Machinedrum : Psyconia

Machinedrum Psyconia review

Given the intense pleasures of the last Machinedrum LP A View of U, it’s with great joy that Travis Stewart returns so soon for six more tracks. There is nothing that explicitly states this is a musical continuation, of course, but Machinedrum has been conscious over the past roughly 20 years to give each project its own aesthetic shape, making the deliberate mirroring of the gold-and-pearlescent figures against a blue color gradient backdrop pinched from last year’s impeccable record a bit of a clear giveaway. Thankfully, it was a space that seemed open and full of ideas unrealized due to its creative fertility, so this new set of six tracks feels more like a newly discovered bright blossom than a tired retread.

What this means for listeners unfamiliar with the last record is that we get more waves of futuristic IDM, breakbeat and footwork mixed with the earlier heavily shifted techno of the ’90s. Most of these tracks have vocals, spanning rapper Deniro Farrar to indie musician Jorge Elbrecht (who has a killer black metal record under his belt under the name Coral Cross by the way), with two being instrumental cuts. The color palette here, despite the differing set of ingredients tossed into the pot, doesn’t fall far from from the contemporary set of records by Oneohtrix Point Never in the post-Garden of Delete era. Both emerged from the dissociative haze of vaporwave and its attendant experimentalist subgenres to pluck fruit from the branches of electronica’s long and storied history, actualizing the previously hauntological impulse of their ghastly and at times morose music to instead force into reality a bright and colorful future. This gives a sense of heft and sincerity to the futurism invoked on this record, from the biomechanical fig-lute of the cover to the bright biosynthetic sounds. The haze and haunt of Room(s) now feels fully dissipated, those oppressive atmospheres replaced with bounding and boundless hope. It’s a great feeling, one well-earned by the creative riches this EP sits against within Machinedrum’s body of work.

A big component that makes it work so keenly is the bounce and pulse of hip-hop. This is a flavor that had always been present in muted form across his body of work but had until 2019’s incredible ZOOSPA arrived via the mutated form of trip-hop and all the depressive, downcast instrumental permutations like early grime and UK dubstep that emerged in its wake. The breakthrough a-ha! moment of ZOOSPA, a wickedly underrated that made it onto my 2019 Best Of ballot, remains intact here, transforming the 80s synthgloss retrofuturism we’ve seen on records by Thundercat and Flying Lotus as well as an emergent flavor across contemporary hip-hop into a now rabidly future-oriented sound. There is a passion to Machinedrum’s use of hip-hop, a sincere love that bleeds through the speakers. He doesn’t, as some experimental producers might, view himself above it nor is there an ironic remove from the sounds. He places them on the exact same tier as the wildest fringes of academic experimentalists of electronics past and that sincere love makes itself known in how he utilizes the textures and microrhythms and rubs of hip-hop. This is no music school white funk, where the syncopations and rhythmic displacements are clearly mathed out rather than felt; the language of Psyconia is second nature to Machinedrum, flattening the distance between the eruption of these bright splashes of color and chrome and the compositional phase.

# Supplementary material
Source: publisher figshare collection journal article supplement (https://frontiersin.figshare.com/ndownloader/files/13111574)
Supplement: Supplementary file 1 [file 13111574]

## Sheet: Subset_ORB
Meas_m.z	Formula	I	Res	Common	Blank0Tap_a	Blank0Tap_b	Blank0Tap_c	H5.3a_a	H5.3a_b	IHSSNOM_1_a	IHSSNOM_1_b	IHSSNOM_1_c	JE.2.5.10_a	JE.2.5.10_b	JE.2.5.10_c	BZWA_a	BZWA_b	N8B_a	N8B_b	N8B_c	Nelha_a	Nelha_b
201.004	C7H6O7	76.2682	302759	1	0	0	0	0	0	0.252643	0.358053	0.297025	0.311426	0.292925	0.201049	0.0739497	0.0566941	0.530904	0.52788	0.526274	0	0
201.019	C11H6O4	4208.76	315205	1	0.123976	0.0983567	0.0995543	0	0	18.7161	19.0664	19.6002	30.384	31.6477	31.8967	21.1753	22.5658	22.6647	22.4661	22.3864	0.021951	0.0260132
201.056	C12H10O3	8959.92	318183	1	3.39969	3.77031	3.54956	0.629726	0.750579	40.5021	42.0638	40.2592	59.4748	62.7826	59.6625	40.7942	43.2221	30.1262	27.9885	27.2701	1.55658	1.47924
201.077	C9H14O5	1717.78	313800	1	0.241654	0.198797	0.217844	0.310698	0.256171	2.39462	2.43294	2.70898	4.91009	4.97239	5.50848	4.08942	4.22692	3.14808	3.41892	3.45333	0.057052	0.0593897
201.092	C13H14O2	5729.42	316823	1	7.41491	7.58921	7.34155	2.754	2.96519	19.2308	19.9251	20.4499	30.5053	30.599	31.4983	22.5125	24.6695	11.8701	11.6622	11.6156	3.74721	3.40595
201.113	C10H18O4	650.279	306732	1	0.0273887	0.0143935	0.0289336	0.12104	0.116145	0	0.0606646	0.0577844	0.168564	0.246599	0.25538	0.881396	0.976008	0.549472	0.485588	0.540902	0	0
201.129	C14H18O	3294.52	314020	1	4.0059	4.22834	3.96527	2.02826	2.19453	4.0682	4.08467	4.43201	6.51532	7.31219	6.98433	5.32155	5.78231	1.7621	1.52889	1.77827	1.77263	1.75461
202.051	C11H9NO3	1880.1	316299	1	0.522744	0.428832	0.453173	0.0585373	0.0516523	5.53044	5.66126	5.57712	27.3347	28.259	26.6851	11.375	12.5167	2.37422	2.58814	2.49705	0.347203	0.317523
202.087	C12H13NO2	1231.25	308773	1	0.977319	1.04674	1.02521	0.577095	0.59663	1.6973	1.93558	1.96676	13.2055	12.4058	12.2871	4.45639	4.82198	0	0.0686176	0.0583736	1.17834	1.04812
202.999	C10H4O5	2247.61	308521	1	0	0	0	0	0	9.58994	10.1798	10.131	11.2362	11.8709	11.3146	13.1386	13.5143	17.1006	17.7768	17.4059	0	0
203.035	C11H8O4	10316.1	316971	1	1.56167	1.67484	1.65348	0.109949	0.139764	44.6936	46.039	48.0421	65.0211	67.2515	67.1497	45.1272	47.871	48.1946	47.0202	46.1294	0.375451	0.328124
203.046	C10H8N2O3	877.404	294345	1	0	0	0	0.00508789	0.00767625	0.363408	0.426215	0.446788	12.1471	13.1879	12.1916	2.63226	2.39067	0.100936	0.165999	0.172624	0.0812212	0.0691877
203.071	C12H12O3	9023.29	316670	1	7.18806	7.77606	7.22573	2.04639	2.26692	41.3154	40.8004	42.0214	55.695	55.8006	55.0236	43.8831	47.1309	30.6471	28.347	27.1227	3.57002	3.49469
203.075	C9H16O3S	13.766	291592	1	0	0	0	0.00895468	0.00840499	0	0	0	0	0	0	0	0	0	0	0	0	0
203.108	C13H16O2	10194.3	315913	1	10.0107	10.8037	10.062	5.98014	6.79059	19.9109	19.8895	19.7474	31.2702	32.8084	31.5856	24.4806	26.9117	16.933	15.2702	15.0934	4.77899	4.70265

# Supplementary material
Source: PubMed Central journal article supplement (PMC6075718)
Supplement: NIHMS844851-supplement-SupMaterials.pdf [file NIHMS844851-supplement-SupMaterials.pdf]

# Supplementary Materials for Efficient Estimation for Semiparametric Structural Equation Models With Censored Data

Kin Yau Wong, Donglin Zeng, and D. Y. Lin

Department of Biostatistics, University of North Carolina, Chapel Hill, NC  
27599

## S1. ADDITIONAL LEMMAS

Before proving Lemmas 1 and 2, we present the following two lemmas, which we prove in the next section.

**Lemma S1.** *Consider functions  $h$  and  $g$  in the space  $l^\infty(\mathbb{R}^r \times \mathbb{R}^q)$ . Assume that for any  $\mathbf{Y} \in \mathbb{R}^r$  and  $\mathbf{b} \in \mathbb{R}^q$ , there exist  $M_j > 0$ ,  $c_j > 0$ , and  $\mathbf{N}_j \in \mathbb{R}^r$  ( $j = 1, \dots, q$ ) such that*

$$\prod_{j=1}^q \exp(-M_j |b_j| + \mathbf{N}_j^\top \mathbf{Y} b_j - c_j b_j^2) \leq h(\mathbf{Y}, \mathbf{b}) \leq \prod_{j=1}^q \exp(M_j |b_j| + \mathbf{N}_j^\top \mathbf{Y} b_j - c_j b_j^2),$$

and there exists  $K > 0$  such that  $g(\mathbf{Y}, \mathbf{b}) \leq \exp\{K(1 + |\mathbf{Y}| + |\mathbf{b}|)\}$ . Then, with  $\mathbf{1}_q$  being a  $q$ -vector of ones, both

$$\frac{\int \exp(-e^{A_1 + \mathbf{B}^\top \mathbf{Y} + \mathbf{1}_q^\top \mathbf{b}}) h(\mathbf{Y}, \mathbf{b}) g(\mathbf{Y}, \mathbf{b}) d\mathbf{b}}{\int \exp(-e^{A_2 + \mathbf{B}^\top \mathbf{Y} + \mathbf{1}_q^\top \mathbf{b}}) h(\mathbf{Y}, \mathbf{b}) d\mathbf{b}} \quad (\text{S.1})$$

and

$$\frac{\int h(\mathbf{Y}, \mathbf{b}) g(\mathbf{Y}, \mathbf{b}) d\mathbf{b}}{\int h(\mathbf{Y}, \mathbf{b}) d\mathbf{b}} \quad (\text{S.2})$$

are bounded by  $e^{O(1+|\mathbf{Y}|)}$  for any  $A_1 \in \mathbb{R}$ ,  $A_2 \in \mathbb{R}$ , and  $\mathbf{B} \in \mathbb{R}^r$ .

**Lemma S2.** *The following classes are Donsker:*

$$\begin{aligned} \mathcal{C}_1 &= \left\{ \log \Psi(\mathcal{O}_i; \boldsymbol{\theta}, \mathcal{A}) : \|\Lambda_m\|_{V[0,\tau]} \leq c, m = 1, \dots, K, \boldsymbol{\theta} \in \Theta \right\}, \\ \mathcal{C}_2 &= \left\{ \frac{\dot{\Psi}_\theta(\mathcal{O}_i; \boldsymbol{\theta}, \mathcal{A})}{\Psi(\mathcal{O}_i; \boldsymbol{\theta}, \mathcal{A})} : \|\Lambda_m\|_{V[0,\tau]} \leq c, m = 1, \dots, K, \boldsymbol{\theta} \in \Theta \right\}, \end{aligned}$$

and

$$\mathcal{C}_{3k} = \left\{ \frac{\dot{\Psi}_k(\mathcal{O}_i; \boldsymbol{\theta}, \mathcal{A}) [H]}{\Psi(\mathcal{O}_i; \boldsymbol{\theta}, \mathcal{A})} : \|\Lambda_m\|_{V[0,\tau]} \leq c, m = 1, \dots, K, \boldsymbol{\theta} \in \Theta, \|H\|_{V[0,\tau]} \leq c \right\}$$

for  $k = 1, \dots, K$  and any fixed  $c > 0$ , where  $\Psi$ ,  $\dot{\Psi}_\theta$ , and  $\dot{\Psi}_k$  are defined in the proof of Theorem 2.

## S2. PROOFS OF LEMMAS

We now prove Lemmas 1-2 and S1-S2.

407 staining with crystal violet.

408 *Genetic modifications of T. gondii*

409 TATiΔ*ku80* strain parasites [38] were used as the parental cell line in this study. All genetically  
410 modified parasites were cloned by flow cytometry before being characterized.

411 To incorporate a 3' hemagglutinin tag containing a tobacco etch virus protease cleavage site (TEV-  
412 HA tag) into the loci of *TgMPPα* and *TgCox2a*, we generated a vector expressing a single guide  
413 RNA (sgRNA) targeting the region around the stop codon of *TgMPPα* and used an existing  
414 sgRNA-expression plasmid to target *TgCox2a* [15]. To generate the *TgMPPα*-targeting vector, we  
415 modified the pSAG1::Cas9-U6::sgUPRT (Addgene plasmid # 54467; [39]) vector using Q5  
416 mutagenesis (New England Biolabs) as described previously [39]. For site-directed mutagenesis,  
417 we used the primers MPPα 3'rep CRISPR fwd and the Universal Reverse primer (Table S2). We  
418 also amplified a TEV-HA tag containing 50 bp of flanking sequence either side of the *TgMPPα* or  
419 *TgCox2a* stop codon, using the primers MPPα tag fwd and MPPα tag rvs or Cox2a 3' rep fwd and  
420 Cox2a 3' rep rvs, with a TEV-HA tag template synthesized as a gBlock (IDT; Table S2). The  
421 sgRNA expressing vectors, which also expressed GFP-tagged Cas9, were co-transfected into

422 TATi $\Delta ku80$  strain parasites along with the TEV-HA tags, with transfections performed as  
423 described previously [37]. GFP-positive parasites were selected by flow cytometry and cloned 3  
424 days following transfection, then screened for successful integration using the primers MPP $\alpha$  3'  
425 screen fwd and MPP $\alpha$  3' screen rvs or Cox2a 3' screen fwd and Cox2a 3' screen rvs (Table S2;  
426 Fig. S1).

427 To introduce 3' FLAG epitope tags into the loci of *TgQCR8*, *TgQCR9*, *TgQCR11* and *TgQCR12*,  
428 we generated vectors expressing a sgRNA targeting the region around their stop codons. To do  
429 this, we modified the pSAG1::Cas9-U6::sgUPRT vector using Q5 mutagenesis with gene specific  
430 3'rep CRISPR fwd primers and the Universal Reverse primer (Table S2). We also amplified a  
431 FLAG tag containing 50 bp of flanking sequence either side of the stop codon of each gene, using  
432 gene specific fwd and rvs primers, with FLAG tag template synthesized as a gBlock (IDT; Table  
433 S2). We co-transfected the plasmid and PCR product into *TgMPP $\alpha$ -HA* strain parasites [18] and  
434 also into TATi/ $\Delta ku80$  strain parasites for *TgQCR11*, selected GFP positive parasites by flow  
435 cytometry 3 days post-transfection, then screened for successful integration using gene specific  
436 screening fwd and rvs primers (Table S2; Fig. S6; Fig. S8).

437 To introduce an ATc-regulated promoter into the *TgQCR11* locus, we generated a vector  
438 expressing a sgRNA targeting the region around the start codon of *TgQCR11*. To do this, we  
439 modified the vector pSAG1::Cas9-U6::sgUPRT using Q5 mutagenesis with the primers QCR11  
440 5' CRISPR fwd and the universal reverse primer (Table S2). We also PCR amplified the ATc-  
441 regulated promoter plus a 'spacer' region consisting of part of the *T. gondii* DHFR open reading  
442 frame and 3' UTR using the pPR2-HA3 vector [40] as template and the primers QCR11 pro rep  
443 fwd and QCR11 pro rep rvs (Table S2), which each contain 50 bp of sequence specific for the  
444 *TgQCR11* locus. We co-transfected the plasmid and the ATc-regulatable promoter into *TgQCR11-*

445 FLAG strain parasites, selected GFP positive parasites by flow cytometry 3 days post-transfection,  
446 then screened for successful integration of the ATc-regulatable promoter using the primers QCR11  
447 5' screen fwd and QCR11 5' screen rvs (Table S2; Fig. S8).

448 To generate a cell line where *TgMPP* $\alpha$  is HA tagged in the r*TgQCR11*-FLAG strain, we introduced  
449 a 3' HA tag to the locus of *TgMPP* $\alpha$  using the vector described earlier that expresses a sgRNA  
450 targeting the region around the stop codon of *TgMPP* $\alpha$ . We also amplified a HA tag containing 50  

Psyconia doesn’t displace either his last two records of the immaculate Room(s) from their position near the top of his body of work but thankfully it also clearly doesn’t intend to. Psyconia instead is a bright juice-filled pleasure, like biting into a ripe plum, red and purple streaming down your lips and chin to bright grass below. It’s a pleasure and one that provides an accessible entry point to the experimental artful colorful depths of Machinedrum’s work. That’s enough for a great EP.

Label: Ninja Tune

Year: 2021

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